Gneiss Smile

August 01, 2018

Gneiss smiling

Photographer: Rob Sheridan 
Summary Author: Rob Sheridan 

Looking a bit like a smiling frog, this weathered rock is a fine example of granite gneiss (pronounced "nice"), formed when granite undergoes metamorphic change deep below the surface. Granite usually forms when a deep intrusion of magma cools slowly, allowing individual crystals of feldspar, quartz and mica to grow large enough to see. When later subjected to the intense pressure, temperature, and particularly shearing forces associated with major tectonic events (such as orogenies) granite will metamorphose to become gneiss.

Eastern Massachusetts is a complex assembly of volcanic subduction zone islands and seabeds compressed against the central continental craton during closure of the Iapetus Ocean (proto-Atlantic) and formation of Pangea between about 500 and 250 million years ago. Deep underground granite intrusions were metamorphosed during this time. The opening of today’s Atlantic Ocean and erosion have exposed some of this rock. Granite gneiss is characterized by small elliptical feldspar inclusions, sparkling small crystals of dark biotite mica, compositional banding, and a foliated (layered) structure, all of which are seen in this specimen, that was subsequently subjected to smoothing by wind and water. Photo taken on July 25, 2017.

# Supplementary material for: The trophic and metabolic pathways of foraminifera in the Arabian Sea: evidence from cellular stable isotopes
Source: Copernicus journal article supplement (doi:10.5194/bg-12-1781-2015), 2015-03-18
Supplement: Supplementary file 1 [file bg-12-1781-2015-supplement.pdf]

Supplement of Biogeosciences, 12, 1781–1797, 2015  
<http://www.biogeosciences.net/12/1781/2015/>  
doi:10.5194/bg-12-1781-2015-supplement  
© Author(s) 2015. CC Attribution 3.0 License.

Photo Details: Camera: Apple iPhone 5s; Exposure Time: 0.033s (1/30); Aperture: ƒ/2.2; ISO equivalent: 125; Focal Length (35mm): 29